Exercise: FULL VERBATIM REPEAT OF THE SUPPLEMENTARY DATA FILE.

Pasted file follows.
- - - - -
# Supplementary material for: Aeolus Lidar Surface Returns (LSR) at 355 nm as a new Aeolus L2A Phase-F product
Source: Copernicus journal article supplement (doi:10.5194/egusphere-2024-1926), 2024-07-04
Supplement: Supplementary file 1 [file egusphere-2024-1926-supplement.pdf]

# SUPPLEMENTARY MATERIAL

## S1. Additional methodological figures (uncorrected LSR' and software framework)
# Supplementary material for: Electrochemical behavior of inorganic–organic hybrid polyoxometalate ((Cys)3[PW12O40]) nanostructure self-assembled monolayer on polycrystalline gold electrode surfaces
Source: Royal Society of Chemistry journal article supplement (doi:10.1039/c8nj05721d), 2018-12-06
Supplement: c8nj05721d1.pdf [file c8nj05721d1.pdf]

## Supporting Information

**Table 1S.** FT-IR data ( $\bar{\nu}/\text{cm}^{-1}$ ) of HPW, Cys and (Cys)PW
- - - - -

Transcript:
# Supplementary material for: Aeolus Lidar Surface Returns (LSR) at 355 nm as a new Aeolus L2A Phase-F product
Source: Copernicus journal article supplement (doi:10.5194/egusphere-2024-1926), 2024-07-04
Supplement: Supplementary file 1 [file egusphere-2024-1926-supplement.pdf]

# SUPPLEMENTARY MATERIAL

## S1. Additional methodological figures (uncorrected LSR' and software framework)
# Supplementary material for: Electrochemical behavior of inorganic–organic hybrid polyoxometalate ((Cys)3[PW12O40]) nanostructure self-assembled monolayer on polycrystalline gold electrode surfaces
Source: Royal Society of Chemistry journal article supplement (doi:10.1039/c8nj05721d), 2018-12-06
Supplement: c8nj05721d1.pdf [file c8nj05721d1.pdf]

## Supporting Information

**Table 1S.** FT-IR data ( $\bar{\nu}/\text{cm}^{-1}$ ) of HPW, Cys and (Cys)PW